The Web Gambit

Thoughts on Web Development

Monthly Archives: February 2008

Mastering the Hand-off

Most consulting engagements usually end with a hand-off of the project’s deliverables to the client’s resources during the last few days of the consultant being in contact with the client.  This is often referred to as the “knowledge transfer” and can involve walking the client through the finished code artifacts and any documentation around it.

Most consultants dread this part of the process as it often requires mounds of documentation and tons of meetings with seemingly little accomplished.  Even after the process is completed, many consultants will still get a follow up call from the client six months later when the developer who was supposed to take over their project has left for greener pastures.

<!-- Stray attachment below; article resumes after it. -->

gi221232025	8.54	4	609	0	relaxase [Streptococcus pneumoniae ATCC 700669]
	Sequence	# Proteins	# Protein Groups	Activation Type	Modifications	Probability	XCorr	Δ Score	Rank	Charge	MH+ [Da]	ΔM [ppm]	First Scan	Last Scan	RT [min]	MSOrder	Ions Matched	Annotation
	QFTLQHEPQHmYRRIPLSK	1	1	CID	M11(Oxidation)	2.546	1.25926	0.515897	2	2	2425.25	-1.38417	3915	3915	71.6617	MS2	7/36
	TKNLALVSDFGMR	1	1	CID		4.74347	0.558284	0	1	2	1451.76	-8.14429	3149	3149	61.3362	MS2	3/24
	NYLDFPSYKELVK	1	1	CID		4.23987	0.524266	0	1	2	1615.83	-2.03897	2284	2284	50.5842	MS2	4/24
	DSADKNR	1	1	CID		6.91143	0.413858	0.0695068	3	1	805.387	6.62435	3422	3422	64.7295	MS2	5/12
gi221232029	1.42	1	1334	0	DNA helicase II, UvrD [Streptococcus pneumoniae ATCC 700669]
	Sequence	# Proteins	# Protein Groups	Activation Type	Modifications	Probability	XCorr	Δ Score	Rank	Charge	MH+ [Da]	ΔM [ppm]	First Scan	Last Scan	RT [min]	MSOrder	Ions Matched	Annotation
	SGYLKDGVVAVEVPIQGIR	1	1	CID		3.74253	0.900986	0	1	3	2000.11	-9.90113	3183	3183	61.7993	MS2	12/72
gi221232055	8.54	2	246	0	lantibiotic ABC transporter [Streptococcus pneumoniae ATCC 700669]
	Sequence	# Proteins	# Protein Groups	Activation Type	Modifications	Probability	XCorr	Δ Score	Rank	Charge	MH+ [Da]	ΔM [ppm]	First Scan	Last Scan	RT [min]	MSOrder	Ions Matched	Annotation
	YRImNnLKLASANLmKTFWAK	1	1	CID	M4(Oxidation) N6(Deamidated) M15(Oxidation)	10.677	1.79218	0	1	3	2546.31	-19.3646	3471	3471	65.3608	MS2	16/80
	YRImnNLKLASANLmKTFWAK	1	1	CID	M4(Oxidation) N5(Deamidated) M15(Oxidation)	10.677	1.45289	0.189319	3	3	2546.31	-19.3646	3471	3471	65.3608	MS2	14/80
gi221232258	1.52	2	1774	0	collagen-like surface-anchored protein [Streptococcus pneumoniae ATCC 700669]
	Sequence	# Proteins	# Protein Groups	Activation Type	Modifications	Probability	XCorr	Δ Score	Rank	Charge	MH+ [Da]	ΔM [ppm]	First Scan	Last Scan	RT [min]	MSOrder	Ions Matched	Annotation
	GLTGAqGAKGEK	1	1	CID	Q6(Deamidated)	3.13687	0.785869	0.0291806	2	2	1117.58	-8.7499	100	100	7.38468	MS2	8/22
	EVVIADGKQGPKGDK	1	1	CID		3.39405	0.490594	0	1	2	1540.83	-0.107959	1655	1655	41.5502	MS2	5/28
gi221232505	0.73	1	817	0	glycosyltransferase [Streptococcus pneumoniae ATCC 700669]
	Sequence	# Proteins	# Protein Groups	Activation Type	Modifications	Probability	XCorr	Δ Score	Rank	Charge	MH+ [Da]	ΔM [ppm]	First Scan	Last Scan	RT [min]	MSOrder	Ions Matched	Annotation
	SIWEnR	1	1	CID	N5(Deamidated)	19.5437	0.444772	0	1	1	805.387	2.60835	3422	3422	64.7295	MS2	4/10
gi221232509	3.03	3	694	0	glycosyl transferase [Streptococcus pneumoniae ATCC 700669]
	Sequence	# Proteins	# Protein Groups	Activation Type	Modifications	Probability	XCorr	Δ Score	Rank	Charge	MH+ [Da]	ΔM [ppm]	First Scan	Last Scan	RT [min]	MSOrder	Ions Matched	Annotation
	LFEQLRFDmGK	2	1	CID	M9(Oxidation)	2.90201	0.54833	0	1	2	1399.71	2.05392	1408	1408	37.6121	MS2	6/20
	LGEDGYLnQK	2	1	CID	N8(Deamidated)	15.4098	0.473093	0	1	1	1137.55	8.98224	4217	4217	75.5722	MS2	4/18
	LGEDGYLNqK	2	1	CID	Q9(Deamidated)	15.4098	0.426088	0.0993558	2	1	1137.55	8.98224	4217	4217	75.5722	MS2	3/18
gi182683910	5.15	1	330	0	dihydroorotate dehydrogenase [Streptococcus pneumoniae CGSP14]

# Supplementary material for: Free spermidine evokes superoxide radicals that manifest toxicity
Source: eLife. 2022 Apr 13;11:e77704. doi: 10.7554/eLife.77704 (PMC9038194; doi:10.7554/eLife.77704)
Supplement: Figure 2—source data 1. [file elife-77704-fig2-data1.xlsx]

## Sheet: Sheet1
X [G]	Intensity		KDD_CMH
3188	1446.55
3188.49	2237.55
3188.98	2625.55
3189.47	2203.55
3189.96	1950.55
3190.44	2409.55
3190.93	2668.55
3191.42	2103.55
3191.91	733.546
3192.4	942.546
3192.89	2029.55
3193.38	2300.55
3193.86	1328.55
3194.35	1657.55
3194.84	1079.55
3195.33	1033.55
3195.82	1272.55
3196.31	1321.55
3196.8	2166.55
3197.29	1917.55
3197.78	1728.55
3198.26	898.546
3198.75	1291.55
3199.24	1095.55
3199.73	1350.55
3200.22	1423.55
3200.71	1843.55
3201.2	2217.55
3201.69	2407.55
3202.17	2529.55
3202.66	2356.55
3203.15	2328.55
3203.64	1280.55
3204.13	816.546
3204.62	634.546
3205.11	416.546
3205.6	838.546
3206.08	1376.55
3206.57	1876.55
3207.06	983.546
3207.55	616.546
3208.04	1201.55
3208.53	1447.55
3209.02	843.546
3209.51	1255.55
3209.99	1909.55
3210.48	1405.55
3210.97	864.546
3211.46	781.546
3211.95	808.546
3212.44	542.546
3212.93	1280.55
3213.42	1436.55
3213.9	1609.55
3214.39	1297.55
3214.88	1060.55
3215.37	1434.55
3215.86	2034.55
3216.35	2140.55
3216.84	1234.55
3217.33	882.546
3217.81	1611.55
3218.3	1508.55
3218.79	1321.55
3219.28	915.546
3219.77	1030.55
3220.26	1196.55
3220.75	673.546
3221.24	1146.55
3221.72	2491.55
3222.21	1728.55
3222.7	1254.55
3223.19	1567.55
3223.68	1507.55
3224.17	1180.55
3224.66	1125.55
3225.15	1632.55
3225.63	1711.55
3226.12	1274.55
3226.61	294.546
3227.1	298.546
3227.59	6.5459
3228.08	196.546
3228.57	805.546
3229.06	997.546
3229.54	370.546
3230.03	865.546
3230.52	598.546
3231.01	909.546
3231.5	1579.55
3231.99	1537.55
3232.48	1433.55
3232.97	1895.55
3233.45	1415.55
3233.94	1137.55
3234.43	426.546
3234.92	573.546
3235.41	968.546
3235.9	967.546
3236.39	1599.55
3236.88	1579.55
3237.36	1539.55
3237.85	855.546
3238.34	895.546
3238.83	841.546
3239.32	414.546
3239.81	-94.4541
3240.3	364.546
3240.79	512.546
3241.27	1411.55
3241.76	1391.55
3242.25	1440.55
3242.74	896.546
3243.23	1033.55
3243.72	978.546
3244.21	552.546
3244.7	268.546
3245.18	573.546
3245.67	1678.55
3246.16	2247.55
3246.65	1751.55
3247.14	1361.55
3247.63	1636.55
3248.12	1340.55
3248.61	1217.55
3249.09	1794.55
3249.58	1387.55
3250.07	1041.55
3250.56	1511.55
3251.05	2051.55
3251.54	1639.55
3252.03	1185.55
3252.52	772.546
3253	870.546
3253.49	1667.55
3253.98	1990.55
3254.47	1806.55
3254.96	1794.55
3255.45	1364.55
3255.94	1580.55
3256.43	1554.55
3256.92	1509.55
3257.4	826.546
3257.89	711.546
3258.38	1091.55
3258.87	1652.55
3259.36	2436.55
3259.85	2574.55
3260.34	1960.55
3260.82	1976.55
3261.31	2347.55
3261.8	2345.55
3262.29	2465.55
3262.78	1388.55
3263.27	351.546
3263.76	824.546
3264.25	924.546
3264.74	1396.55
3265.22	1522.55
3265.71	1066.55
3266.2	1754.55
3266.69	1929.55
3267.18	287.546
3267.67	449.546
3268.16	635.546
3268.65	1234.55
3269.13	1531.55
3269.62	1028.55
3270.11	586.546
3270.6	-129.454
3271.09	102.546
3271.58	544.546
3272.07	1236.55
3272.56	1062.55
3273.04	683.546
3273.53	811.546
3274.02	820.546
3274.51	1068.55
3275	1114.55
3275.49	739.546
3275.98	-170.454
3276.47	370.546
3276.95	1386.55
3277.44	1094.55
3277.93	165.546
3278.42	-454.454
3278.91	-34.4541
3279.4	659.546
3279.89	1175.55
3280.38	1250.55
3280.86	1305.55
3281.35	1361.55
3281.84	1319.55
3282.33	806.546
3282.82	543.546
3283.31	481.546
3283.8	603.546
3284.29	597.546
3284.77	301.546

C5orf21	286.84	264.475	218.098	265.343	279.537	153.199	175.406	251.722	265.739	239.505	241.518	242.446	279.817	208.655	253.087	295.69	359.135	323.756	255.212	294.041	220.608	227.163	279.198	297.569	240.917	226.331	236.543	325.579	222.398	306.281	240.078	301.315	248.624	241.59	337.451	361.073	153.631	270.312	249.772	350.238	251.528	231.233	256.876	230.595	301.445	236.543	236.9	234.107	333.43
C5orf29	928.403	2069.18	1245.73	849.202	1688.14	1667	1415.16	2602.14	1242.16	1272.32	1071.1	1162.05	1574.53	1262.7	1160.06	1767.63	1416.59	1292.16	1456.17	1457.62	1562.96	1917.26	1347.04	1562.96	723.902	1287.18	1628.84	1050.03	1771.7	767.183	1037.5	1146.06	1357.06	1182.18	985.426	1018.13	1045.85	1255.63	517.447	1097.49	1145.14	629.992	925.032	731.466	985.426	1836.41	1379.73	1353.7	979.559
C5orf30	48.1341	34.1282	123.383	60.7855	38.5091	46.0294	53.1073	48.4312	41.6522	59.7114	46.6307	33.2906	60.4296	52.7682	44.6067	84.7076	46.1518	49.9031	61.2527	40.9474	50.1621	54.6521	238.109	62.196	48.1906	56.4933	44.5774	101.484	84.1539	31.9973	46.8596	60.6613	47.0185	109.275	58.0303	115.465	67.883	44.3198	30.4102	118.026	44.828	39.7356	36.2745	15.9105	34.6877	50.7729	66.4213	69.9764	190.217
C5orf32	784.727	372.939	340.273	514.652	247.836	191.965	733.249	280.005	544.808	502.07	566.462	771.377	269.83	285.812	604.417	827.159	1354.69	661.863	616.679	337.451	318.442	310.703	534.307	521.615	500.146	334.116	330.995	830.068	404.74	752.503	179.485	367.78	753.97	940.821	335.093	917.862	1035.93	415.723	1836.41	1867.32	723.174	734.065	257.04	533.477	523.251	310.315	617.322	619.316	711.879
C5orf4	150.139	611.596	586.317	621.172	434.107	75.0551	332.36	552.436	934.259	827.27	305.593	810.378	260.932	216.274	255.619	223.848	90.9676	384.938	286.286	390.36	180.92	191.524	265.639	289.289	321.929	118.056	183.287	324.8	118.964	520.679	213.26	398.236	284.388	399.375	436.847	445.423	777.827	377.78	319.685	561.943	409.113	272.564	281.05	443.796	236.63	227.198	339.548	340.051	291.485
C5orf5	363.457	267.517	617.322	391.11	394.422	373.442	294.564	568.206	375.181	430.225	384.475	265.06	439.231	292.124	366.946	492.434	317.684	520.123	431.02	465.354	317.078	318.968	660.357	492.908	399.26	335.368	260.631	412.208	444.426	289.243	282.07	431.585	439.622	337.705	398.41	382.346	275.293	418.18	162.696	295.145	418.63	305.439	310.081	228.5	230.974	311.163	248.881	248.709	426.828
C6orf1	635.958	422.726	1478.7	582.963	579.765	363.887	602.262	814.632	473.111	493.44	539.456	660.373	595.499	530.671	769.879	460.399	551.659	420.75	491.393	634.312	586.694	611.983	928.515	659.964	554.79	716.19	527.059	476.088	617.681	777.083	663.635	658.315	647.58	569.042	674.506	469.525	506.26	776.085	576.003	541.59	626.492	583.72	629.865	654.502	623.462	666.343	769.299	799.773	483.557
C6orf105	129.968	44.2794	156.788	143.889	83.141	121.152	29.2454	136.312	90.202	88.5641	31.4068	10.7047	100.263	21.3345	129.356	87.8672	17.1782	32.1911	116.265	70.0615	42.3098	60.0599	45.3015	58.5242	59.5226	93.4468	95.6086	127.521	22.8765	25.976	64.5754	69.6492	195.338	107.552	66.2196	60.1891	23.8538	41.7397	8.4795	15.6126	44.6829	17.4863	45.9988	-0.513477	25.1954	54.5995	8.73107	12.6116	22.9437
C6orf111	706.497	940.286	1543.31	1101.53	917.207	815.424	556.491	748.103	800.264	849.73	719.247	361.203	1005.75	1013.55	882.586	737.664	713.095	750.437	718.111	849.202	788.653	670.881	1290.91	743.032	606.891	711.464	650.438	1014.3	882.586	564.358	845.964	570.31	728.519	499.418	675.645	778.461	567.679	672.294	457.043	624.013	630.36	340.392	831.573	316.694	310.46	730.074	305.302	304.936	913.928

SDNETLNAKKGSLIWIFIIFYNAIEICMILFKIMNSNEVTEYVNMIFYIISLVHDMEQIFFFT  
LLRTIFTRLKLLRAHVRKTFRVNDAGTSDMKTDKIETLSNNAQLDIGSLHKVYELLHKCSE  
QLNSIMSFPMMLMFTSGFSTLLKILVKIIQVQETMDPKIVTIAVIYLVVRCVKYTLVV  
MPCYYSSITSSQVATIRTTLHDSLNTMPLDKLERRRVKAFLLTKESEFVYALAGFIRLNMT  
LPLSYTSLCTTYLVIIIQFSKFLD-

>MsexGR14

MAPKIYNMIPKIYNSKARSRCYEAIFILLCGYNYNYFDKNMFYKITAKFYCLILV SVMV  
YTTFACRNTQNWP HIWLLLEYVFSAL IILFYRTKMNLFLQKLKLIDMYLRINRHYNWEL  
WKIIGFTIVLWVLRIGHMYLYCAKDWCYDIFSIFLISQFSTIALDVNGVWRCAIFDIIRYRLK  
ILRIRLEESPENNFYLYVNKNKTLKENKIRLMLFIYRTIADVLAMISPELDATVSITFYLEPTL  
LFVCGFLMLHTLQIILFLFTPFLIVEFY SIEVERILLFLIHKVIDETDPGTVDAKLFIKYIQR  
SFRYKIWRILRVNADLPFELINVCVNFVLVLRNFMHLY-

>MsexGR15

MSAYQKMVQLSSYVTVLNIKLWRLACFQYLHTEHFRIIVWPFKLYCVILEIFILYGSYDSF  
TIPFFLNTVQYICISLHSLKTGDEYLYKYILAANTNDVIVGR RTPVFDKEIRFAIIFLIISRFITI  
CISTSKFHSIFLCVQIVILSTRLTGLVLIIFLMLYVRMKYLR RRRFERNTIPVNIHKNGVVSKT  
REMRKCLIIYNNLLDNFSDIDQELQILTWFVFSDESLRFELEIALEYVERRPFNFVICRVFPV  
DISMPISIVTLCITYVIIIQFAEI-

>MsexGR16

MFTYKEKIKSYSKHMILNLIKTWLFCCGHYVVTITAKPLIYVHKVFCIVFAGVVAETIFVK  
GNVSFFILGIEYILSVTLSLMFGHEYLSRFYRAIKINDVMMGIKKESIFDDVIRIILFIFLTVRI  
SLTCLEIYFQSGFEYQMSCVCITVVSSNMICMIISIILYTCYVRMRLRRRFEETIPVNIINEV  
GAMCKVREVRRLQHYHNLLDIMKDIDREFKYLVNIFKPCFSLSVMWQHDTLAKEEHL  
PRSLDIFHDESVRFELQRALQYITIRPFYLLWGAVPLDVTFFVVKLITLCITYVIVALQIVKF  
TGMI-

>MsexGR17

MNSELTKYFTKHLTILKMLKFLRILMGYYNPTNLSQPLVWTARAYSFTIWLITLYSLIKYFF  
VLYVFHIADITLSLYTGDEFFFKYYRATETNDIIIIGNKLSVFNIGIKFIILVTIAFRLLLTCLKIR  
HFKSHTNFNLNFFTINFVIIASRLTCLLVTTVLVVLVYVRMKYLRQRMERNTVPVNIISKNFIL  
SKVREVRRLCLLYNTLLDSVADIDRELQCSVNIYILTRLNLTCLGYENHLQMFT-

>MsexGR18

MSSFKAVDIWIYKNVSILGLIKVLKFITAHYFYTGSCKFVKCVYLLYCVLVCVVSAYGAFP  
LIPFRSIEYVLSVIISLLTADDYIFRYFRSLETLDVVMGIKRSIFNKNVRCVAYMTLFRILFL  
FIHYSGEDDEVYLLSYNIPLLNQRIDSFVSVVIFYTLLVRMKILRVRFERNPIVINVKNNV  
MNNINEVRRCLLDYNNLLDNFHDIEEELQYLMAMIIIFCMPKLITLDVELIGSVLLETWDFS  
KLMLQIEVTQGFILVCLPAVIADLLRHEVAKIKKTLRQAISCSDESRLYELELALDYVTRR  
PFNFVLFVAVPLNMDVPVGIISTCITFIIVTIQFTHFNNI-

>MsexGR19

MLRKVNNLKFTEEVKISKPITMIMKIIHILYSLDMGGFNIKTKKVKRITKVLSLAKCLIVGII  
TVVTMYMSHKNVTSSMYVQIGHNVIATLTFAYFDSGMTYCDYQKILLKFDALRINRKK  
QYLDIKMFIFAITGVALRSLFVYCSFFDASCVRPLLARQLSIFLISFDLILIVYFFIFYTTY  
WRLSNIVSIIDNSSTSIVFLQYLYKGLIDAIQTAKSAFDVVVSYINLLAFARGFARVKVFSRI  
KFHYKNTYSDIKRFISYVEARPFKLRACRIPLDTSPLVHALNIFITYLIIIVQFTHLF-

There are many reasons why consultant-developed software often follows this pattern.  Firstly, most clients are plagued with the inability to identify a suitable maintenance resource in a timely manner.  Often this important task is put off until the last minute thus reducing the quality of resources that can be found to take over the project.  Also if the client’s resource is tasked with learning the code base in a very short time, they often don’t get enough information and are overwhelmed when they are expected to deliver a round of enhancements soon after the consultant leaves.

To increase the chances of a successful hand off, the client resource should be identified soon after the project enters its testing phase to ensure that they have sufficient time to get up to speed.  Also it can help to let the hand-off resource take a crack at some of the lower priority bugs that inevitably creep up so that they get familiar with the code.  Having them get their hands dirty when the consultant is still around to support them can be extremely valuable to the client.